Shoot blight in Michigan blueberries
A wet spring may result in more shoot and twig blight. What can you do?
Twig blights in blueberries
Weather conditions have been wet in Michigan and blighted twigs have been found in blueberries (Photo 1). Tip dieback and blighted blossom clusters are the first symptoms growers and scouts find of shoot blights. Various fungi such as anthracnose (Colletotrichum acutatum), phomopsis (Phomopsis vaccinii), botrytis (Botrytis cinerea) and bacteria canker (Pseudomonas syringae) can cause twig blight. Anthracnose (Colletotrichum) is often to blame for twig infections during wet seasons. Colletotrichum infections can be observed by allowing diseased shoots to produce orange spore masses in a plastic bag. Samples can also be submitted to Michigan State University Diagnostic Services for a positive identification.
Scouting for twig blights
To scout for blighted twigs, follow these instructions:
Pick 10 random bushes throughout your field (include both border bushes and internal ones).
Count the number of recent brown or dead young twigs/flower clusters.
If your count is higher than 10 blighted blossoms/twigs per bush (a moderately high incidence), consider applying a fungicide, especially if rain is in the forecast. Note that twigs that are in bloom are the most susceptible to infection.
Control methods for twig blights
Controls are the most effective if they are applied prior to twig blight infections. A twig blight sample this spring was positively identified by MSU Diagnostic Services as bacterial canker. There are no fungicides that control bacteria and no antibiotics are registered in blueberries. Copper is commonly used to control bacterial diseases. The timing window for using copper is early in the season soon after bud break and during early shoot growth before bloom.
Bacterial canker is a disease that is favored by cool, wet conditions. Our weather has changed from cool and wet to warm and wet so that our blueberries are growing faster than the bacteria. Any copper spray now would be a useless revenge spray, which would do little good and might mark the green fruit or damage the remaining flowers. If you are concerned about bacterial canker, target it early next spring, not after bloom.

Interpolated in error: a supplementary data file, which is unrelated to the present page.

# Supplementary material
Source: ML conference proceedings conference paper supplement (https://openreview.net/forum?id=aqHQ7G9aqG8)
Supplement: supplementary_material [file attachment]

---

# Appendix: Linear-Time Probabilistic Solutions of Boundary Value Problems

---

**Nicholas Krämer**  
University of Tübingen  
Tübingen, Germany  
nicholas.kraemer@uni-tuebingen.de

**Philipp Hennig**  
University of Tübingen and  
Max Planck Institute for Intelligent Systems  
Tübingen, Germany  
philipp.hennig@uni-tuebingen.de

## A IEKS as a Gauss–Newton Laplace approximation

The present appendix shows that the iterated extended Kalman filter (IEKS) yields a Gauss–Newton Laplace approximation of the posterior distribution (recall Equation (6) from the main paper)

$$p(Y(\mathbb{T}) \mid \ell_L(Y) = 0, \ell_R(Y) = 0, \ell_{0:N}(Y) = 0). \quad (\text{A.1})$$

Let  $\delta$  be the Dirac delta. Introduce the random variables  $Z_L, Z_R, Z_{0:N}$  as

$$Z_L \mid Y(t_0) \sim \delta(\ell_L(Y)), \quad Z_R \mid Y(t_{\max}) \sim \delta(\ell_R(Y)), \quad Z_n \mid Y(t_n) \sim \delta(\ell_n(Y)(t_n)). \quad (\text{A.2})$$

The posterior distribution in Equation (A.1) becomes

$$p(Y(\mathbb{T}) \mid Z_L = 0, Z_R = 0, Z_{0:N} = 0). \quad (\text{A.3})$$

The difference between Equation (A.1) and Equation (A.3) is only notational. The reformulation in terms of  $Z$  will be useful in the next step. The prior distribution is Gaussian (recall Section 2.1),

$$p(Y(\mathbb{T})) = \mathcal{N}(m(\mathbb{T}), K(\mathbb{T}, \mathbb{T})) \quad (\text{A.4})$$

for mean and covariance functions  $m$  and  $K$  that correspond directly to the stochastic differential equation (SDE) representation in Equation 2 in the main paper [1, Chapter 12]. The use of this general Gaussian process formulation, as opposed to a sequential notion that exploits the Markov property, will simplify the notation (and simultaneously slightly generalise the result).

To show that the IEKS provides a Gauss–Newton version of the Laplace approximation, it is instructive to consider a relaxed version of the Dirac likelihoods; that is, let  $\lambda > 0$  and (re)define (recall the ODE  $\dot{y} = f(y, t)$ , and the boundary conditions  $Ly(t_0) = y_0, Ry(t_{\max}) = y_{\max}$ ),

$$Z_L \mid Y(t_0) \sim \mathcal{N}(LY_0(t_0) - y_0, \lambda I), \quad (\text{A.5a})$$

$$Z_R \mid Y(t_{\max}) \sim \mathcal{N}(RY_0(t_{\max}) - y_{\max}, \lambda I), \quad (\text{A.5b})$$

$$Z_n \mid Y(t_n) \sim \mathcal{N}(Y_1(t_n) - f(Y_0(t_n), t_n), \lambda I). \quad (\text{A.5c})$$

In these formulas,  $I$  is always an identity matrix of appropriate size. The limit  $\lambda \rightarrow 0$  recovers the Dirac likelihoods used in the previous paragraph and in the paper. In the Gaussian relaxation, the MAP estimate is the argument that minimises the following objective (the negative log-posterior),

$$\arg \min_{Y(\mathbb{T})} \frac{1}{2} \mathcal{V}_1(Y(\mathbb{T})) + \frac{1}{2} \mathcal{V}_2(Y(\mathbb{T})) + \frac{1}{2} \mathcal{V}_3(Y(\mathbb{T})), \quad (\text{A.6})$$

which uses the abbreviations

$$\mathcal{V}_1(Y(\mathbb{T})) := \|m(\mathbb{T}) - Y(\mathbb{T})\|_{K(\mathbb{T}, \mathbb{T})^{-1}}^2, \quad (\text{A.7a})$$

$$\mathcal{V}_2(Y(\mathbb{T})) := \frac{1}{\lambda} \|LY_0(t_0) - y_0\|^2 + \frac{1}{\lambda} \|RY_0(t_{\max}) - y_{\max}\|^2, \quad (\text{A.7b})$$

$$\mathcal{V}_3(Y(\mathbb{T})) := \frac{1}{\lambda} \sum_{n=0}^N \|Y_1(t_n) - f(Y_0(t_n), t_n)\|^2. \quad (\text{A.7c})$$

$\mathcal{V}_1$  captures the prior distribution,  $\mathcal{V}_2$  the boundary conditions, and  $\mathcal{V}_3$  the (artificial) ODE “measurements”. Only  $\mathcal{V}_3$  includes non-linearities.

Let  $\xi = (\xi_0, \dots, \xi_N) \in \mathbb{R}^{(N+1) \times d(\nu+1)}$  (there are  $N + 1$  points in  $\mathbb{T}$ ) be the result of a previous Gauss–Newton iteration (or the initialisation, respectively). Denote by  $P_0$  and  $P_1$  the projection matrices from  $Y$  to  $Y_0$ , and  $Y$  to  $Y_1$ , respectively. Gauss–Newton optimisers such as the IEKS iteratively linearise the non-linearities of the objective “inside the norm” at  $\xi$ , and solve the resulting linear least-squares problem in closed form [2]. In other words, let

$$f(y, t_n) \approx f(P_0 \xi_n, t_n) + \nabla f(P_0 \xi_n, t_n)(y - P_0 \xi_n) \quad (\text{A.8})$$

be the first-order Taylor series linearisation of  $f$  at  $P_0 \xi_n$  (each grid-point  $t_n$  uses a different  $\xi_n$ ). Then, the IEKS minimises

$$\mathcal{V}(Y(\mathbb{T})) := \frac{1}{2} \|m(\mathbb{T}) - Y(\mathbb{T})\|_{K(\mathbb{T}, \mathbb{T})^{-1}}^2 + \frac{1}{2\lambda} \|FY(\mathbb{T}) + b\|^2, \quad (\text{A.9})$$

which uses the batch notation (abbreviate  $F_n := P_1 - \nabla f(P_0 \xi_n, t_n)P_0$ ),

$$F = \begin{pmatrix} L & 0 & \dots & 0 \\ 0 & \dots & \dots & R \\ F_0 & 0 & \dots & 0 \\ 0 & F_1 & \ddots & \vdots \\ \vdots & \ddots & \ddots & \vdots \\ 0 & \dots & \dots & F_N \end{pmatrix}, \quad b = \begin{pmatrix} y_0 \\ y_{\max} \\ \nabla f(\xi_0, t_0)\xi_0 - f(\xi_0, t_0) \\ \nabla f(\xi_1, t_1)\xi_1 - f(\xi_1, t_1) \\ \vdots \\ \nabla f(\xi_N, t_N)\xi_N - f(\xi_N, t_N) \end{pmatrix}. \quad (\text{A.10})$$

Research on phomopsis twig blight has shown the most infections occur at bud break. Fungicides should be applied to protect the buds at bud break. Many fungicides have good activity against mummy berry and phomopsis.
Colletotrichum infections require warm and wet conditions. They can occur before, during and after bloom (Photo 3). Fungicide applications should target these infections. There is an anthracnose prediction model on MSU Enviroweather.
As we transition from pre-bloom to post-bloom disease control, careful choice of fungicides to control the disease is important. Several fungicides are rated good to excellent at controlling the various fungi that cause twig blight. MSU Extension annually updates E154, “2018 Fruit Management Guide”. This resource has good information about fungicide choices based on disease and fungicide effectiveness.
Other control methods
In addition to chemical options, there are several cultural control strategies you can deploy. For example:
When plants are dormant:
Prune out infected canes.
Avoid wounding the canes.
Reduce the spread of spores and infection:
Minimize overhead irrigation.
Time irrigation to coincide with natural dew formation.